Honest Company has raised $503 million dollars to date, and has been valued at as high as $1.7 billion. Though valuation fell since 2015 and now likely rests well below $750 million, the company will likely do a few hundred million dollars in sales this year after making $250 million in 2016.

Harry’s has raised $475 million to date, and is valued at $1.7 billion. It will also likely do a few hundred million in sales this year, as the last public numbers put it at a projected $200 million in 2016.

Bonobos, the trailblazer of the digitally-native bunch—and one of the few to actually exit and return money to investors—raised $120 million before selling to Walmart in 2017 for $300 million. It had just over $100 million in revenue at the time of the acquisition—not the big win everyone was hoping for.

Since then, acquisition costs have only increased, pushing brands further into retail and wholesale. Harry’s now has a big business with Walmart and Target, and Honest Company is currently in 17,000 wholesale doors with plans to be in 35,000 in the coming years. It also sells through Target, Amazon, Ulta and many other third-party retailers.

As heavily-funded brands, Honest and Harry’s were once thought to be the new guard of digitally-native retail, along with many other companies that have attracted hundreds of millions of dollars of venture capital. But what has become of these brands and this money? Many have needed to take down rounds, clearing out investors’ potential returns, lowering valuations and laying off employees, in addition to seeking out other remedies meant to correct for overfunding and underselling.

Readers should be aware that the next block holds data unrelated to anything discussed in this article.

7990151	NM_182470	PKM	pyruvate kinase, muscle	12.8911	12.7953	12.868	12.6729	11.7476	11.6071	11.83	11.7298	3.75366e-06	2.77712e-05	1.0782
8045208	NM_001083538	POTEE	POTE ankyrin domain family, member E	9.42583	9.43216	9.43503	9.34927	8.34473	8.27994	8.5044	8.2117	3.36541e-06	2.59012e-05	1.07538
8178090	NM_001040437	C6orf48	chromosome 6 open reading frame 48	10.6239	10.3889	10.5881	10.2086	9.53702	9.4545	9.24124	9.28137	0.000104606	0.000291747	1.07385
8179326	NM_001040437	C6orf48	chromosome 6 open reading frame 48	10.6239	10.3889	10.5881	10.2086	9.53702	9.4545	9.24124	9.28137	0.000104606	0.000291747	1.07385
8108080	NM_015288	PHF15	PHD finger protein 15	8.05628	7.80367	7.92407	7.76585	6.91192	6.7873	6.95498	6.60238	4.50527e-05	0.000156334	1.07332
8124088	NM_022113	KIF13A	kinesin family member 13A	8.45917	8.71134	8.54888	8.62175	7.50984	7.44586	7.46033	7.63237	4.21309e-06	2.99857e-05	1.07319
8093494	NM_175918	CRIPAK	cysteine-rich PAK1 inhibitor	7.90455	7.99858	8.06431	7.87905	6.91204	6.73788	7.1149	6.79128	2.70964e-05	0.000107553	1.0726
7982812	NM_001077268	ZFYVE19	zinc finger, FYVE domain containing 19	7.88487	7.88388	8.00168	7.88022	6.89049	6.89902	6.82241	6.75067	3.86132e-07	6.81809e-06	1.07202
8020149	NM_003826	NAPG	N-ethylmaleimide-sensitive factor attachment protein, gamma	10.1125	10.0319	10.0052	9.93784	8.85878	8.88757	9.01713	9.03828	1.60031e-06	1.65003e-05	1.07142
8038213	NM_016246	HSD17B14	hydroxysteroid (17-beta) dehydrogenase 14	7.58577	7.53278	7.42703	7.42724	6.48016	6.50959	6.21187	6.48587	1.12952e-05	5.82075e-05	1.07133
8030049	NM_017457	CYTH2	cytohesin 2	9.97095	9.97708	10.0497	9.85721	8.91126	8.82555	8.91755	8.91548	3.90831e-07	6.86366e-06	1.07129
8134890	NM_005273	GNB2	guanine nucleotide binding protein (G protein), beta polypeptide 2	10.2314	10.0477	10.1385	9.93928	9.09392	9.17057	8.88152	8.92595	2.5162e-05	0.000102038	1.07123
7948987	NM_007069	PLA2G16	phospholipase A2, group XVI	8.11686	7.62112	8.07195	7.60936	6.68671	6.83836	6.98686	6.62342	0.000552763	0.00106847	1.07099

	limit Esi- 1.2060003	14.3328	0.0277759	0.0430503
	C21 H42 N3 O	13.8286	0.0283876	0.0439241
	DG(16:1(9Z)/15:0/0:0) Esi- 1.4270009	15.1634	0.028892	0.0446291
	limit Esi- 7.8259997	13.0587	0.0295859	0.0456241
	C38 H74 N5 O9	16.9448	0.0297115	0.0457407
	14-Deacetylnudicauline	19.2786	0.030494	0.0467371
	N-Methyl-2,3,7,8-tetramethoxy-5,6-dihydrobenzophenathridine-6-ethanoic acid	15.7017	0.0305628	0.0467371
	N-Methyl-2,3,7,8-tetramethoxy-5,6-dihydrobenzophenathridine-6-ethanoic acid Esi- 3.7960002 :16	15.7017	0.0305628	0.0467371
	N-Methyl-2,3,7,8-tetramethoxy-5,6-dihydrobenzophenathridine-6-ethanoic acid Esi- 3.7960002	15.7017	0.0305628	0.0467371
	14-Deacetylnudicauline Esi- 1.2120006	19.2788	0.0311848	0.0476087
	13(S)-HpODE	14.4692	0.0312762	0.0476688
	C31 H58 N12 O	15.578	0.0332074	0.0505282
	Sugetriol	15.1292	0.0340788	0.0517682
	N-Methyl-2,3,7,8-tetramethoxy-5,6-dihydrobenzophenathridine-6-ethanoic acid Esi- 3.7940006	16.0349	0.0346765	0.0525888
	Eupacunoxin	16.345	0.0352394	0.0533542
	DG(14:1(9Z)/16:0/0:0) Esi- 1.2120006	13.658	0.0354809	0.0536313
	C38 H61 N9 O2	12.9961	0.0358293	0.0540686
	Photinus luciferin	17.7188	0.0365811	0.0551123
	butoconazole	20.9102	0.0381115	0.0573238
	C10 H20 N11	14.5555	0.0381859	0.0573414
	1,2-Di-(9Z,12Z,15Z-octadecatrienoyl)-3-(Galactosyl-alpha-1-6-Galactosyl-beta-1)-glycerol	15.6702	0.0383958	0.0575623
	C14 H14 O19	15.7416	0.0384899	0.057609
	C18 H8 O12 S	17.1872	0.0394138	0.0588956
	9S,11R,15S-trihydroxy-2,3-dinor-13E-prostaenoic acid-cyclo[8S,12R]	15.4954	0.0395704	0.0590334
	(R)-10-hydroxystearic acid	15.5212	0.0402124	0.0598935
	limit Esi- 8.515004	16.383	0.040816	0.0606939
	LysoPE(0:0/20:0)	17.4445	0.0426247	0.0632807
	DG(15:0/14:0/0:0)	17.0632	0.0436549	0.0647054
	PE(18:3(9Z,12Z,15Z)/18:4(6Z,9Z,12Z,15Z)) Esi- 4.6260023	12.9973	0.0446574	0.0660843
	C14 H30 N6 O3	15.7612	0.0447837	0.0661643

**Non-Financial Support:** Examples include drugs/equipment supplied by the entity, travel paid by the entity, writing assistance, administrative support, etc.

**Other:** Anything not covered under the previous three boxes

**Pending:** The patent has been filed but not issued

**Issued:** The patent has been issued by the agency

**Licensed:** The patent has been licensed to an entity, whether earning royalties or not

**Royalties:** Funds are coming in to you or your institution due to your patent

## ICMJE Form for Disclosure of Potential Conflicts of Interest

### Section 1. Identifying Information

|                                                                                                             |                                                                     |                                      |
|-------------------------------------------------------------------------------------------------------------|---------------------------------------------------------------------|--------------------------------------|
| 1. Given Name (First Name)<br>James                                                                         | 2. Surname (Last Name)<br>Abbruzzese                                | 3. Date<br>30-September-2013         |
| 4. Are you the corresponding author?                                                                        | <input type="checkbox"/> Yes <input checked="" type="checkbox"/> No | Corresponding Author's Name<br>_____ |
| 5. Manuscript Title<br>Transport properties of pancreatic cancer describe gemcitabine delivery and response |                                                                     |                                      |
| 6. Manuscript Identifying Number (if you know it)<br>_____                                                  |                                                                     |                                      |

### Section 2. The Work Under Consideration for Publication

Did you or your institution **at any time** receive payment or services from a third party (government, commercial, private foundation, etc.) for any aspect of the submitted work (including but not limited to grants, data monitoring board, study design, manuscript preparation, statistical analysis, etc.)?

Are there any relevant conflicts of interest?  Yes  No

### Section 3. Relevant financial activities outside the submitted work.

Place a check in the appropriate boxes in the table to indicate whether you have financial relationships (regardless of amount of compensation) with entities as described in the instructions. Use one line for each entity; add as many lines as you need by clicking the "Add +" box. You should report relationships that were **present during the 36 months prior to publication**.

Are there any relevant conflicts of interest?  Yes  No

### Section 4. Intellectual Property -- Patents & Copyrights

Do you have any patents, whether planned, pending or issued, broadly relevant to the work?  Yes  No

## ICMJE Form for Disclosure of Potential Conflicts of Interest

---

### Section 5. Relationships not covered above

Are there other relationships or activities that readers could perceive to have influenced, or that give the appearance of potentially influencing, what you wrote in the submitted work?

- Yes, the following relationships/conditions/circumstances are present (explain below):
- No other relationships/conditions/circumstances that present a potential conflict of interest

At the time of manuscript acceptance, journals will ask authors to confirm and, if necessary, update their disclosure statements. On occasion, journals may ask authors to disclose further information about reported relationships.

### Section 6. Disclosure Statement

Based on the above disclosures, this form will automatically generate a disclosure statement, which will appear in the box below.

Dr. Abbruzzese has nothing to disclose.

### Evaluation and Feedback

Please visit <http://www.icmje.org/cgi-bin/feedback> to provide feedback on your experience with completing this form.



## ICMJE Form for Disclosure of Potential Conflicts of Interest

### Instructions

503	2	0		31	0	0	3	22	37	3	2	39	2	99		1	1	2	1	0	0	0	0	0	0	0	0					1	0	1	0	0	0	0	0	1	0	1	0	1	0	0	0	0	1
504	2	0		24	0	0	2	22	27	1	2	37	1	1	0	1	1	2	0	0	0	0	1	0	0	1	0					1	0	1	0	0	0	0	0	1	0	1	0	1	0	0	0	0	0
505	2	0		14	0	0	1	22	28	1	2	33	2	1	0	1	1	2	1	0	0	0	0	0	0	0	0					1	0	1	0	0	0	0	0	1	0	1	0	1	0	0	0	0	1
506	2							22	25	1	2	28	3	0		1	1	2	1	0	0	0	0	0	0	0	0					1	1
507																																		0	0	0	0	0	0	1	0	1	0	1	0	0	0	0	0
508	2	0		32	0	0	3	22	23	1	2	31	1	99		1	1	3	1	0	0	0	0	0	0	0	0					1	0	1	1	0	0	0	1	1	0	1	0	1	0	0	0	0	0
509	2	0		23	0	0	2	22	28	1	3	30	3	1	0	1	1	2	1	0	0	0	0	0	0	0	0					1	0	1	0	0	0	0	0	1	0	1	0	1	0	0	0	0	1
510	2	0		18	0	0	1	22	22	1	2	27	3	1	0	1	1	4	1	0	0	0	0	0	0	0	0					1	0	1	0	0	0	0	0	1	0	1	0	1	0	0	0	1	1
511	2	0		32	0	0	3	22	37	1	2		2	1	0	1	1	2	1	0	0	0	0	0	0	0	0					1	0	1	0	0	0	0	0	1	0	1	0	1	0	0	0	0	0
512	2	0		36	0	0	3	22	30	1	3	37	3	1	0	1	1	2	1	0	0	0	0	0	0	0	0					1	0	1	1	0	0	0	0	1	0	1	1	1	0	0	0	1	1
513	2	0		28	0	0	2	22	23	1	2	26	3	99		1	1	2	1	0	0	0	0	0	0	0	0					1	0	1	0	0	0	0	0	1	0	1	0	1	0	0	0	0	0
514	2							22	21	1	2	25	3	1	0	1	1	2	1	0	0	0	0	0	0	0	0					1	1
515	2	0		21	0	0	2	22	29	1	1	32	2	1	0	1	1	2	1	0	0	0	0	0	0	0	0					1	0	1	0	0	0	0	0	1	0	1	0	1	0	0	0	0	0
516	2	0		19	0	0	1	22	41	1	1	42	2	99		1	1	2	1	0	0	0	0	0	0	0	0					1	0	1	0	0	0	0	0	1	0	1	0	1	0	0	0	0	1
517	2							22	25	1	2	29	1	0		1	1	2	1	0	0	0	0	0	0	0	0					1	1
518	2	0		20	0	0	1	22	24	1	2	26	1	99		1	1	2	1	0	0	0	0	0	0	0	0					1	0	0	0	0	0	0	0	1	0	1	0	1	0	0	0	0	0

One could argue that part of the reason behind this drought is that no one is buying these brands—but this is because few of them are actually worth what they are valued. The deals that are reached (Seventh Generation, RXBAR, etc.) happen because there is money to be made for everyone involved, including the acquiring company. But when everything is already fully or overly “priced,” activity slows.

There are few signs that this landscape will change anytime soon, especially as long as brands keep raising money at high valuations—and because the growth levers (namely Facebook and Instagram ads) that made so many of them feasible early on now provide a fraction of the productivity they used to.

Perhaps these companies are the best lesson for how to navigate the industry today, since they have had to alter their business models numerous times as changes reverberate throughout the landscape. Honest started as a subscription service, then pivoted to direct-to-consumer, and later to direct and wholesale—most recently, full-blown wholesale drives the business. Harry’s began as a direct-to-consumer subscription, then pivoted more into wholesale, and is now trying to be a holding company for direct-to-consumer brands, even as it shifts even more to wholesale. These brands have scars that are large and visible, but few seem to pay attention, forced to grow as they raise more money.

In turn, these businesses—which could have been appealing acquisitions—are boxing themselves in, preventing mergers. Capital has flowed in, but it has yet to flow out and for most of these brands, it might never happen in any significant form. But even if these brands lack reflection, companies getting built today can glean plenty of lessons.